Of particular note, from 1966 to 1968, he wrote eight pulp fiction titles in his ‘Man From C.A.M.P.’ series, a overtly queer takeoff of the television spy series, Man From UNCLE. The central protagonist of the successful series, was the openly gay undercover agent, Jackie Holmes, who did battle with BUTCH (Brothers United To Crush Homosexuality). The series helped establish that gay audiences were particularly hungry for stories which portrayed characters in a fun and positive light. In doing so, Banis saw himself as playing a consciously activist role.

In all, Banis wrote over 160 books – pulp, porn, queer and straight fiction and non-fiction, under his own name and pseudonyms such as Victor Jay, Don Halliday, Jan Alexander and Lyn Benedict.Read more

Pulp Friday: a celebration of Tandem Books covers

Regular readers of this site will be familiar with my particular jones for late 1960s and 1970s pulp covers, particularly the photographic ones. For me, they represent a very creative but little celebrated body of book cover art and, as far as I am concerned, the Brits were the masters of it.

A week or so ago, during one of my frequent second hand bookshop jaunts, I stumbled across a 1967 copy of novelist and beat poet, Royston Ellis’s coming of age tell all, The Rush at the End. The wonderful cover is an example of what I am talking about when I go on about my love for photographic book covers – a cheap but imaginative shot that dives deep into the book’s themes of sex, drugs and the emerging counter culture.

Pulp enthusiasts have rightly devoted considerable time and energy in celebrating the covers of UK publishers such as Pan, Panther and New English Library. But there were a host of other lesser known outfits active on the British publishing scene in the 1960s and 1970s, who contributed some terrific covers. One of these was the little known Tandem Books, publisher of The Rush at the End. Indeed, along with Mayflower Books, Tandem contributed some of the strangest and best covers of that period.… Read more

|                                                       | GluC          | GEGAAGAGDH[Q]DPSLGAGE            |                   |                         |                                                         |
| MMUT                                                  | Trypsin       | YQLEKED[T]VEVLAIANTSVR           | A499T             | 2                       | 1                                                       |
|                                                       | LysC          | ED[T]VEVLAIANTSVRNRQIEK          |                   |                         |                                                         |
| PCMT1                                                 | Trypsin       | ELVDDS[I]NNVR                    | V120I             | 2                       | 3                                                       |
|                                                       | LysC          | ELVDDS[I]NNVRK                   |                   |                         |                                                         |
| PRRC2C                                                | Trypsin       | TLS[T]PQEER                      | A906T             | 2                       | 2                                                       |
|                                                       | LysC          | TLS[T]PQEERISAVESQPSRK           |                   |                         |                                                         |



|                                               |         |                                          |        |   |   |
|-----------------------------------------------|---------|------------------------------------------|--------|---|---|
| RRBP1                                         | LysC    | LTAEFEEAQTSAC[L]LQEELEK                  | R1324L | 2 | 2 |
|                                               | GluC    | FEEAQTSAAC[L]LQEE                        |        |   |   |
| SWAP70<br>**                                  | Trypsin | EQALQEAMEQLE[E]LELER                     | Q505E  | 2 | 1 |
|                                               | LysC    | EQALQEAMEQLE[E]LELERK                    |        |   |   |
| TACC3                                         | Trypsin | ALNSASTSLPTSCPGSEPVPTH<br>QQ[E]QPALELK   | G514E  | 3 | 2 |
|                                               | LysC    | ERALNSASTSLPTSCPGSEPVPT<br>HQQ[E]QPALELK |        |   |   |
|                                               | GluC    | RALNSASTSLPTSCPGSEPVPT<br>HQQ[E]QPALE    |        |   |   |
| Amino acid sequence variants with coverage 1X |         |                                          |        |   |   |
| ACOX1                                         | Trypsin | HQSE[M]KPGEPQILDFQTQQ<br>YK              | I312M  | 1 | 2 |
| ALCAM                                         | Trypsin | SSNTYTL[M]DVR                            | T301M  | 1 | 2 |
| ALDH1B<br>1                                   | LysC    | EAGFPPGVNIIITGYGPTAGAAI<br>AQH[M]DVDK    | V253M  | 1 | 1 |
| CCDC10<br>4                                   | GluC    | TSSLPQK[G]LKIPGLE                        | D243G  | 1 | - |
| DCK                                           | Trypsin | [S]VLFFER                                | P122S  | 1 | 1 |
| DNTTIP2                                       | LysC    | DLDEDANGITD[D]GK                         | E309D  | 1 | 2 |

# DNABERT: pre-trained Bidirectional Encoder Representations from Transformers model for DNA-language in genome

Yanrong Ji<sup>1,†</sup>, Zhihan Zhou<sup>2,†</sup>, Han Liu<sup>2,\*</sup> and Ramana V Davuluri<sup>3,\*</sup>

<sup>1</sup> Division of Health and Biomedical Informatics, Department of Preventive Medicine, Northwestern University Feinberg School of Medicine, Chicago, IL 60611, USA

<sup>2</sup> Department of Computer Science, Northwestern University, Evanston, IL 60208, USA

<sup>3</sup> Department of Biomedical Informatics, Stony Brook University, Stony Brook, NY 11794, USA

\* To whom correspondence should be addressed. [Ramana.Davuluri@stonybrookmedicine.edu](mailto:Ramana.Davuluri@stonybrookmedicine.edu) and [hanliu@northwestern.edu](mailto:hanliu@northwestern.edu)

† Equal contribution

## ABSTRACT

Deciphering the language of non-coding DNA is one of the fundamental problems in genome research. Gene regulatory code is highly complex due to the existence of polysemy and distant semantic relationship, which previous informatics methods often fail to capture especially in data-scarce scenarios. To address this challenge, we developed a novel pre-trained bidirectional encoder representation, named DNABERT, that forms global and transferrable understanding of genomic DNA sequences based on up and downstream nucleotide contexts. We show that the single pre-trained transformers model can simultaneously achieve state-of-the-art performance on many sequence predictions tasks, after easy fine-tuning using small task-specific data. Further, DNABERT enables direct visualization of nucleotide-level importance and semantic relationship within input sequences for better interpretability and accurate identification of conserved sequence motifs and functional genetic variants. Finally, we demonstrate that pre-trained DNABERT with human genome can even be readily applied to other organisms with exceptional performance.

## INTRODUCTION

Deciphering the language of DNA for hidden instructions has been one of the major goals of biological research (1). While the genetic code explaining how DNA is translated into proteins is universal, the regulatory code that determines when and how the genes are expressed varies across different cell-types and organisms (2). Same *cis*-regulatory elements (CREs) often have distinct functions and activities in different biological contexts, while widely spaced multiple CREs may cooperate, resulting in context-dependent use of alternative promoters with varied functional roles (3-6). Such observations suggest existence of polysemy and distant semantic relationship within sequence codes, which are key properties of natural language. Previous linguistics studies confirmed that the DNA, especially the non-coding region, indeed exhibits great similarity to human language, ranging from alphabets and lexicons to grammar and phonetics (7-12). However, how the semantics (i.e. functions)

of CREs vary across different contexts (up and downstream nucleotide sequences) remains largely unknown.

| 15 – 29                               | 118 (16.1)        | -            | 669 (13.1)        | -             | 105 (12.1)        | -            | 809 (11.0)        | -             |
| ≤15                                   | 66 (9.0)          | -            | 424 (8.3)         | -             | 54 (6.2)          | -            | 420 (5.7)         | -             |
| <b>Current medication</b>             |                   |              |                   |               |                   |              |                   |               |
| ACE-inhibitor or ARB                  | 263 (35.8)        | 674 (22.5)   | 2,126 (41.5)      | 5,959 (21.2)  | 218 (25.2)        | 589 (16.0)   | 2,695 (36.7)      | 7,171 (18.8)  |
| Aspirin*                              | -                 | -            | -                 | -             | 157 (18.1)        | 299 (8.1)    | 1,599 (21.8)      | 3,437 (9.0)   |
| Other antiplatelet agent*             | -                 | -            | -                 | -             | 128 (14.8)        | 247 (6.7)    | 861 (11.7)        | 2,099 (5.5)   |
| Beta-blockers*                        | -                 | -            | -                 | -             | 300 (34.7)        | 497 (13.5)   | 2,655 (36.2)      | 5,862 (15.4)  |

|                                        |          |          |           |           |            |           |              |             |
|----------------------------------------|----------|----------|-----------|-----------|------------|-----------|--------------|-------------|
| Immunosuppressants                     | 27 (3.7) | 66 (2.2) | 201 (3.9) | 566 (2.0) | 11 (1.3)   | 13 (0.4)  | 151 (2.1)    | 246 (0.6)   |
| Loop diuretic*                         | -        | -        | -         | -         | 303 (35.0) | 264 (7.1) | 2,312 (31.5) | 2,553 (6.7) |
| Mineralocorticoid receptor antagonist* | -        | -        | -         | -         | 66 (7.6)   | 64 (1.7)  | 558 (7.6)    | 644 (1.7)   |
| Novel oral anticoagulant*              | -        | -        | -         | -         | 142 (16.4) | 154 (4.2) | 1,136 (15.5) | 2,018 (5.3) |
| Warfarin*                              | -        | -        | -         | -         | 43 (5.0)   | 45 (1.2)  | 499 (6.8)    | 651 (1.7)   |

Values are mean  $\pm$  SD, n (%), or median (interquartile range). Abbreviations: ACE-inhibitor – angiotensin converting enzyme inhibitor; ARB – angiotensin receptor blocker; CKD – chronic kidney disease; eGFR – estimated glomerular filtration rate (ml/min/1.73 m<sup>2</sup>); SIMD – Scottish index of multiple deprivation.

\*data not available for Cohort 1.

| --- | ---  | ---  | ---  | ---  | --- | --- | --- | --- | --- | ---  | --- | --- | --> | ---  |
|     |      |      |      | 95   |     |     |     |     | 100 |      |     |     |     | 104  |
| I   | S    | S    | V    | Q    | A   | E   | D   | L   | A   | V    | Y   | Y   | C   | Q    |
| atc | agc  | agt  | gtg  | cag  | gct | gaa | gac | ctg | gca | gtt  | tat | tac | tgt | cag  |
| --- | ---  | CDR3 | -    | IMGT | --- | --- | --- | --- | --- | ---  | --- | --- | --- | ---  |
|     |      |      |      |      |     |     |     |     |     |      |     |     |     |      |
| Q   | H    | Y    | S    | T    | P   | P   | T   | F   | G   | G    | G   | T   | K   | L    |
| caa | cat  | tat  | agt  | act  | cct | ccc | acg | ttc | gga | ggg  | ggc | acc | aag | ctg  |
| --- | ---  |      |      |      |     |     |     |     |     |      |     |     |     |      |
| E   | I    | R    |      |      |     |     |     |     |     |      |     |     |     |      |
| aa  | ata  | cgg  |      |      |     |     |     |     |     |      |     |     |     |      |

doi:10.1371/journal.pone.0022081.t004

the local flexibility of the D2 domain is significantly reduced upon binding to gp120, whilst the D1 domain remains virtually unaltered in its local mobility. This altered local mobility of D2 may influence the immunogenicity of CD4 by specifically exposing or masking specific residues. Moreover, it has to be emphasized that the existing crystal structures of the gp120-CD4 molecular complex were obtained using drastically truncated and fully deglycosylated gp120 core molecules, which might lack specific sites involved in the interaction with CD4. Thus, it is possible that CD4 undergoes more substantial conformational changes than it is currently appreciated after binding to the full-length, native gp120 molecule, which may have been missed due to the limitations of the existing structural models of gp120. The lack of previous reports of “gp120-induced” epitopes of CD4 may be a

The pulp magazines under the floorboards

Dime Mystery Magazine, July 1936

One of the very cool things about having an online profile in relation to the history of pulp fiction is, from time to time, people make contact and send me old pulp novels and magazines they feel I might be able to make good use of. And a couple of months ago I was offered a collection of mainly American pulp magazines from the 1930s, found while renovating a house in Melbourne.

Queensland academic Toni Johnson-Woods has written about how the origins of Australia’s post war pulp publishing industry lie in import restrictions on print material introduced by the Australian government in 1938. The restrictions were mainly aimed an American publications, especially remaindered comics and pulp magazines which were being dumped in large quantities in Australia in the 1930s. This dumping fuelled an unlikely alliance of groups who pressured for the restrictions: religious organisations, concerned about the moral impact of these publications; nationalists who viewed cheap American publications and other forms of mass American culture, such as jazz and US motion pictures, as a threat to our then Anglo-aligned culture; educationalists; and protectionists worried about the livelihoods of local writers printers and artists.

I have always been curious to to see for myself exactly what it was that could have been so offensive and dangerous about these pulp magazines as to warrant import restrictions to prevent them entering the country.… Read more